crossed the Great Plains more than once, was a fur trapper and
gold miner, and joined the short lived Pony Express in 1860. He
became an army scout after the Civil War. In December of 1872,
in Chicago, at age 26, he began his entertainment career in a
stage drama titled “The Scouts of the Prairie”. Reviews
of his acting ability were mixed, but being a showman was something
he obviously loved.
The following season Cody organized his own troupe, the Buffalo
Bill Combination. The troupe’ show "Scouts of the Plains"
included Buffalo Bill, Texas Jack, and Cody’s old friend
"Wild Bill" Hickok. Wild Bill and Texas Jack eventually
left the show, but Cody continued staging a variety of plays until
1882. That year he conceived of his Wild West show called Buffalo
Bill's Wild West and Congress of Rough Riders of the World. It
was an outdoor spectacle, designed to both educate and entertain,
using a cast of hundreds as well as live buffalo, elk, cattle,
and other animals. In the future his exhibitions also became part
of and touring with the Sells’-Floto Circus…not an
agreement to his liking, but one that was coerced by a shady business
partner. He also appeared with the famous Pawnee Bill and his
extravaganza, Pawnee Bill also being photographed by Barry.
Buffalo Bill continued to have financial difficulties which kept
him performing with other Wild West shows. He died in Denver in
1917 while visiting a sister. He had chosen to be buried on Lookout
Mountain which overlooked nearby mountains and plains. The Buffalo
Bill Memorial Museum, begun in 1921 by Johnny Baker, Buffalo Bill's
foster son, illustrates the life, times, and legend of William
F. Cody. It includes exhibits about Buffalo Bill's life and the
Wild West shows, Indian artifacts, Western art and firearms.
(It was Barry who persuaded the company of the Wild West Show
to come to the Superior area for two performances in mid-July
of 1926. This was the combined Sells Floto Circus and Buffalo
Bill Wild West Show and seems to have been arranged as part of
the fiftieth anniversary of the Custer Battle).
Barry had articles, images and quotes published in numerous publications,
including Leslie’s, the Literary Digest, Sports Afield,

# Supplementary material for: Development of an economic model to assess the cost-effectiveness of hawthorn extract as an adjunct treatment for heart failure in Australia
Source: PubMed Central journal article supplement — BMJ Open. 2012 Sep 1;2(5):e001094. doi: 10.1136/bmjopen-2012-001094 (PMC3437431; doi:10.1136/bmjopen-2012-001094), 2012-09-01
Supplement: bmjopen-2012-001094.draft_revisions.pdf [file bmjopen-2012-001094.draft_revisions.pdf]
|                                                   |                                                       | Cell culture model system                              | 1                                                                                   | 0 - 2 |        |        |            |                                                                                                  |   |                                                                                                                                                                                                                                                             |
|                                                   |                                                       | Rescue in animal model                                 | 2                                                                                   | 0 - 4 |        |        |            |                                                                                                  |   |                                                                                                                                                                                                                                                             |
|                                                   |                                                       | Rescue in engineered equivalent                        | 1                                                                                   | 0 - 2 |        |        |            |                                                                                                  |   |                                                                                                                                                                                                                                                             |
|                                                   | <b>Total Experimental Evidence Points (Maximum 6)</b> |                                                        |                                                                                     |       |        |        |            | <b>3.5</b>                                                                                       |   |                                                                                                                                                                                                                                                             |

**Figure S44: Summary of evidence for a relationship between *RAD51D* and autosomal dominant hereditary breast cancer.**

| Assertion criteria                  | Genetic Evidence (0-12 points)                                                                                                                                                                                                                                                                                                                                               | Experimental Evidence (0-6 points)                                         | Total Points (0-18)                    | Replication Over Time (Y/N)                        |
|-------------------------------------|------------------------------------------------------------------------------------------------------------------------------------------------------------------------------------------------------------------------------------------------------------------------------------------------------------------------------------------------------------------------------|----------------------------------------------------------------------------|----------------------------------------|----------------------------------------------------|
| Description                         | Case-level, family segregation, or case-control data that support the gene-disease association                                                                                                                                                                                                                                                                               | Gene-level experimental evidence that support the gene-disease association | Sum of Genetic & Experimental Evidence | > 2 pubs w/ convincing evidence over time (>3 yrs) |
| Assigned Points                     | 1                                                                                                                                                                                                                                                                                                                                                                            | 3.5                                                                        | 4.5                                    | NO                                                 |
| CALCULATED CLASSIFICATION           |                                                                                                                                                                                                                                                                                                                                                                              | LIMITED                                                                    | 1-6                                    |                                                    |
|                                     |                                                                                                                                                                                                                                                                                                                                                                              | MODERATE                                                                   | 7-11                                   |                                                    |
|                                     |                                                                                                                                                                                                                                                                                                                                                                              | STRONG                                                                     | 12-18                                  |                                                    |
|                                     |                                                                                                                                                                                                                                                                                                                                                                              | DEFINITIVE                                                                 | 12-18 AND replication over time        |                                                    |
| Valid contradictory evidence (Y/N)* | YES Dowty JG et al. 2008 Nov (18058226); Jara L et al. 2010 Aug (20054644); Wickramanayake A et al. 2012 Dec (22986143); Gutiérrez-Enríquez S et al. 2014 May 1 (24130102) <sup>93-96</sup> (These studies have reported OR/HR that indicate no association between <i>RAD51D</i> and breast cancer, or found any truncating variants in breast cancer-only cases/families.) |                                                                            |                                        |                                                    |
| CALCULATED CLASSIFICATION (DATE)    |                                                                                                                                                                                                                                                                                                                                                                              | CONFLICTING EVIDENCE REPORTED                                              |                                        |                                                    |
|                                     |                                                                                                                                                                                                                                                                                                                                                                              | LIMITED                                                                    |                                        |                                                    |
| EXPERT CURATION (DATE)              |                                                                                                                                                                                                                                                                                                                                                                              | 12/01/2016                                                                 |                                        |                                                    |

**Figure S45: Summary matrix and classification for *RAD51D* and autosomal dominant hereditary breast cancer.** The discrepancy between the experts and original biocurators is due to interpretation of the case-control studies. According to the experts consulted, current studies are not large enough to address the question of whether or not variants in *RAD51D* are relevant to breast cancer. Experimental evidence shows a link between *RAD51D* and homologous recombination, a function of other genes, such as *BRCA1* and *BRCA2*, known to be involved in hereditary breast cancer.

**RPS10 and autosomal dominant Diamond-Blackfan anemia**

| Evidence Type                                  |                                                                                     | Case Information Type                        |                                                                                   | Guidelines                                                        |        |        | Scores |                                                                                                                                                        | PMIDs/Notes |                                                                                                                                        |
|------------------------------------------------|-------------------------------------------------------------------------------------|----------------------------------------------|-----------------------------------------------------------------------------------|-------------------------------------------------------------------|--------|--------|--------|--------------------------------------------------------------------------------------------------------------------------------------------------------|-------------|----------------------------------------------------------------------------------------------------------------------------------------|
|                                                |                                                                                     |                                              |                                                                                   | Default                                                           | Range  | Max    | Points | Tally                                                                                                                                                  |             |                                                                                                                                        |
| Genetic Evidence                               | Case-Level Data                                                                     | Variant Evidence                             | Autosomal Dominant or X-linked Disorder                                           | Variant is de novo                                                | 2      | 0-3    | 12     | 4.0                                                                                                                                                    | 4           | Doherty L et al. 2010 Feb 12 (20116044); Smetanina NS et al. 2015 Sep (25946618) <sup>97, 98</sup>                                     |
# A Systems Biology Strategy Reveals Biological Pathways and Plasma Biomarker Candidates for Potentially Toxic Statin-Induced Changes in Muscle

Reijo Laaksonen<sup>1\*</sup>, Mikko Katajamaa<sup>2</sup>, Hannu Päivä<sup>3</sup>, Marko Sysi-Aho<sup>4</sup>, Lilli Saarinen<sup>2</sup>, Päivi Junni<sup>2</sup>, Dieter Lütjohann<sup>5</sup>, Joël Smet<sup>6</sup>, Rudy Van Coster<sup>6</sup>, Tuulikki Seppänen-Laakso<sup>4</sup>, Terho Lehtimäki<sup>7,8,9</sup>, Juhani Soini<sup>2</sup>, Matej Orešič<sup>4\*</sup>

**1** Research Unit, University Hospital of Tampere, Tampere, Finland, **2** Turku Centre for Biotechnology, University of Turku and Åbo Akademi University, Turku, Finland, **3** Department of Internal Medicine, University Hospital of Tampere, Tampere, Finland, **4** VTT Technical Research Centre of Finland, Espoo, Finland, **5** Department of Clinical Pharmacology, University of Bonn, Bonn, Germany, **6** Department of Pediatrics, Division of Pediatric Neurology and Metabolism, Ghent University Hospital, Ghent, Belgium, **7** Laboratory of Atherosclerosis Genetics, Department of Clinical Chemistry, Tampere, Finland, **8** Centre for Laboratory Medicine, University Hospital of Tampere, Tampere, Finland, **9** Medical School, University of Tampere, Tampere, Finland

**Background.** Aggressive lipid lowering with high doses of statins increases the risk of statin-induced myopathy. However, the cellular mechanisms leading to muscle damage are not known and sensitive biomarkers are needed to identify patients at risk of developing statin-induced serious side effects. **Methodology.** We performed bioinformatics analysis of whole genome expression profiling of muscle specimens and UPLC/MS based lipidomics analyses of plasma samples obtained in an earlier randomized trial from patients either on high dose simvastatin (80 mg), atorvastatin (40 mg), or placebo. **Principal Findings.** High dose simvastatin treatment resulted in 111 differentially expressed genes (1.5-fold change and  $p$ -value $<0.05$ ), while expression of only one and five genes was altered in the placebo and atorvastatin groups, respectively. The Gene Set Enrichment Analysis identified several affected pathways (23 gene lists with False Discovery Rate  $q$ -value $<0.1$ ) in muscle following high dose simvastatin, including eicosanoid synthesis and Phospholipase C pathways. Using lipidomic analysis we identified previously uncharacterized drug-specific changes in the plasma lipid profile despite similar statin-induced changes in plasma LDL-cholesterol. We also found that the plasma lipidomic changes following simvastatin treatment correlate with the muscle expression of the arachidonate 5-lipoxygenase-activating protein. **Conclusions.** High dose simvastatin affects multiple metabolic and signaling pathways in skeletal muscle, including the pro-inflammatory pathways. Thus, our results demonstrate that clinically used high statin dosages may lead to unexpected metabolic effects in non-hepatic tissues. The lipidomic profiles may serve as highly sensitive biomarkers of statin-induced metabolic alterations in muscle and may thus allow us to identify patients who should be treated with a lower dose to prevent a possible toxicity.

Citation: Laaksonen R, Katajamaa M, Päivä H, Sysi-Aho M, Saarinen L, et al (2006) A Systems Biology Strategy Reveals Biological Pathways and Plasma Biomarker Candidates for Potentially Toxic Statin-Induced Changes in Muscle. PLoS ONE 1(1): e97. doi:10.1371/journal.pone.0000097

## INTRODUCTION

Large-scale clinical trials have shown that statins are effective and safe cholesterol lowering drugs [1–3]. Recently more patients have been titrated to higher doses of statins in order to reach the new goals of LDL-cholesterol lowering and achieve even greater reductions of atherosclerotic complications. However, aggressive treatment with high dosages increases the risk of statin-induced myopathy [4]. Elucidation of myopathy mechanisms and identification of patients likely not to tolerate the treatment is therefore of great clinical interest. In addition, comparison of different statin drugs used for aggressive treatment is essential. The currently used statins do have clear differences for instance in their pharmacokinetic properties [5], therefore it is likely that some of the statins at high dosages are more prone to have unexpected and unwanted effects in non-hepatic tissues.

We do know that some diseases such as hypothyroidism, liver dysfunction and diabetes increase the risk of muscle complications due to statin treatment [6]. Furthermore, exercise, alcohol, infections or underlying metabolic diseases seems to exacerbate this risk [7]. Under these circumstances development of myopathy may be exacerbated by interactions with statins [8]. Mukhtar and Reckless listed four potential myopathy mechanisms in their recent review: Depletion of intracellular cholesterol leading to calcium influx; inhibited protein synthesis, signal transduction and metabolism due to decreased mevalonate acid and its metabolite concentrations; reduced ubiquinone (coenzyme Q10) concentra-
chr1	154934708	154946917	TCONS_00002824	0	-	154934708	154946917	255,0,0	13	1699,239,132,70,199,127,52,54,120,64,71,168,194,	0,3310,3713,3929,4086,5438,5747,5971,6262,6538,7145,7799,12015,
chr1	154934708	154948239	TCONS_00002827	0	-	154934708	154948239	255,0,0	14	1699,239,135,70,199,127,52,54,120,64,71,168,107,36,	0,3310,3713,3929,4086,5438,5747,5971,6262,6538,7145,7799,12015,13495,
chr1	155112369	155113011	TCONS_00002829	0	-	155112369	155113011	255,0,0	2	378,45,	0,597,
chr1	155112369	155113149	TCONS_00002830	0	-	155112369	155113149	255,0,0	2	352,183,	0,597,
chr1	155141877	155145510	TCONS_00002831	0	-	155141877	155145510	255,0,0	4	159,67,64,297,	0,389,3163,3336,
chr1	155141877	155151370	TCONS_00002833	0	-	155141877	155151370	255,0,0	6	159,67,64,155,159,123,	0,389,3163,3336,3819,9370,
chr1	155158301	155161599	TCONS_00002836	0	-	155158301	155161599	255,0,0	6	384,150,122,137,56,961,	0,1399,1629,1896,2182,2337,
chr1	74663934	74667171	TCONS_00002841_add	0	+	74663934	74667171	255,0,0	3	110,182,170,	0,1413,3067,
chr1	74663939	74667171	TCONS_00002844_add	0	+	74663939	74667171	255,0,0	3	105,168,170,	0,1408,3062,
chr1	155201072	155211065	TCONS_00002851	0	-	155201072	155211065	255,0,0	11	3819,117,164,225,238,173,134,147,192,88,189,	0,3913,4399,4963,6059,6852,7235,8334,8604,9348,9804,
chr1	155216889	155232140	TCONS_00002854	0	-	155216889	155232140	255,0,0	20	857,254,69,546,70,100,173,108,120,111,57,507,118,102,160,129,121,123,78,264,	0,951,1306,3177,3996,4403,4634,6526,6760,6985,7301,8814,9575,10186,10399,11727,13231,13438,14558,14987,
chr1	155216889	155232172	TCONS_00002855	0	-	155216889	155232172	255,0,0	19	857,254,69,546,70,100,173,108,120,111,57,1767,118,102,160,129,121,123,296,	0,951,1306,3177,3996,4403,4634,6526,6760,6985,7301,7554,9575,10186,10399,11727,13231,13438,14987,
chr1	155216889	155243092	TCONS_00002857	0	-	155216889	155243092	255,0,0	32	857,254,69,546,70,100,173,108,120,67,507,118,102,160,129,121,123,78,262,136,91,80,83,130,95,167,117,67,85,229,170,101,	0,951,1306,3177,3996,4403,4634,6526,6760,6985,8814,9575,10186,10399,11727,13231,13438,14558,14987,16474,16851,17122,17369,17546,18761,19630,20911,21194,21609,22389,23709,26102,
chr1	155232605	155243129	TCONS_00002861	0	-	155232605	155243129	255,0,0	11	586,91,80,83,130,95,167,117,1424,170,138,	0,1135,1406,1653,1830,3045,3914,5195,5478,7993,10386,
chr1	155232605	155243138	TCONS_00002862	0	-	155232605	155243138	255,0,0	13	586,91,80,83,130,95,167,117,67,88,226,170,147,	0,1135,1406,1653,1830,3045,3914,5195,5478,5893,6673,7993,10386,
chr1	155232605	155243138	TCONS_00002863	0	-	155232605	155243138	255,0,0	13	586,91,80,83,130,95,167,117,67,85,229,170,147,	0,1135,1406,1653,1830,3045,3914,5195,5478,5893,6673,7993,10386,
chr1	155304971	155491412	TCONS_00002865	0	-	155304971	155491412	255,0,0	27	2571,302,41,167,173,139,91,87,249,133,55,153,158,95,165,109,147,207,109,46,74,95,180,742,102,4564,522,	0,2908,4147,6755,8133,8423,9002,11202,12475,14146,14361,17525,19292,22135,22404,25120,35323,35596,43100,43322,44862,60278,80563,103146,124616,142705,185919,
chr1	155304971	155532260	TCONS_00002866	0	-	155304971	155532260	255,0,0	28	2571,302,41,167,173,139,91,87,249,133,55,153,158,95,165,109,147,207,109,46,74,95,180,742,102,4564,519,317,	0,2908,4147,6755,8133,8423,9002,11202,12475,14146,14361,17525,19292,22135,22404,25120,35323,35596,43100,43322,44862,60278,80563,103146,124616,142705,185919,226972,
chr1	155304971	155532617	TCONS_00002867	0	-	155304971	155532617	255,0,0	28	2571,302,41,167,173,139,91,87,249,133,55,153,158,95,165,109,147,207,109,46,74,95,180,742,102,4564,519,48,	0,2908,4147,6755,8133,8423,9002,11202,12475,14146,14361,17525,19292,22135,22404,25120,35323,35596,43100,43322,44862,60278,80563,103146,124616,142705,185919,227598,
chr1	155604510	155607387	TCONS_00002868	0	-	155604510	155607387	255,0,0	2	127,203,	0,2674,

The American Patriot, the book “Out Where the West Begins”
by Zena Irma Trinka. He was consultant to a movie reenacting the
Custer Battle, provided images for a book by screen actor William
S. Hart in a series called the Golden West Boys, furnished the
National Custer Memorial Association with the pictures used in
it national publicity campaign, furnished images for a book by
Usher L. Burdick as well as being the subject of a book by Burdick,
created articles for the “Texas Star” published by
the Texas Oil company, and had many dozens of articles written
about him in Superior area newspapers including the Superior Daily
Call, the Evening Telegram, Sunday Morning Leader, the Wisconsin
Sunday Times, the Bismarck daily Tribune He was reported on in
The Manchester England Geographical Society publication. He furnished
photos for Elizabeth Custer, widow of General Custer, with whom
he maintained correspondence and friendship as she wrote articles
and books. His photos appeared in “In a Sacred Manner I
live”, by Neil Phillip. There are quotes indicating that
his images and statements had appeared in publications world wide.
His reputation as a photographer and Indian expert and protagonist
was spread by his association with Buffalo Bill, by his repeated
contributions and attempts to keep the story about the Custer
Battle and personalities involved true to the reality as he had
heard and witnessed it, and by the contribution of his photographs
as both art objects and historical records in important museums
and collections. The Cody Museum in Cody Wyoming dedicated a bronze
tablet in the Barry room housing a collection of his photographs.
It is notable that during WWII, a “Victory Ship” was
named in his honor. It was built by the Oregon Shipbuilding Corporation
in Oregon, launched August 21, 1943.
His value as a historic figure is supported by his numerous public
statements about the nature of the Indian conflicts, his correction
of wrong reports of the battles and personalities, his being invited
to be part of the planning committee for the 50th anniversary
of the Custer Battle, the many articles and reports about or by
him during his life,
Barry’s Personal Life:
There is little information about Barry’s wife, Margaret
Young (Patti), who was born April 1, 1864. Her parent’s
home was in Quincy, IL. where she married David in March of 1884,
well after he had begun his photographic career in frontier of
the Dakotas and Wisconsin. It is stated that she occasionally
traveled with Barry on his excursions. She died on August 20th,
1932, and during the last couple of years of her life was an invalid.
It is noted that her illness had prevented from taking an active
part in the life of Superior, and that she was “a woman
of fine character and gentle nature. The couple had no children.
David himself had other misfortune later in life. He was seriously
injured in Duluth when an automobile crashed in the rear end of
a streetcar as he was stepping off the rear platform. In 1933
he sustained injury a leg due to a bad fall, which kept him primarily
confined to his studio with short local excursions.
His finances suffered in later years, and there were times he
had to sell parts of his renowned Native American artifact collection.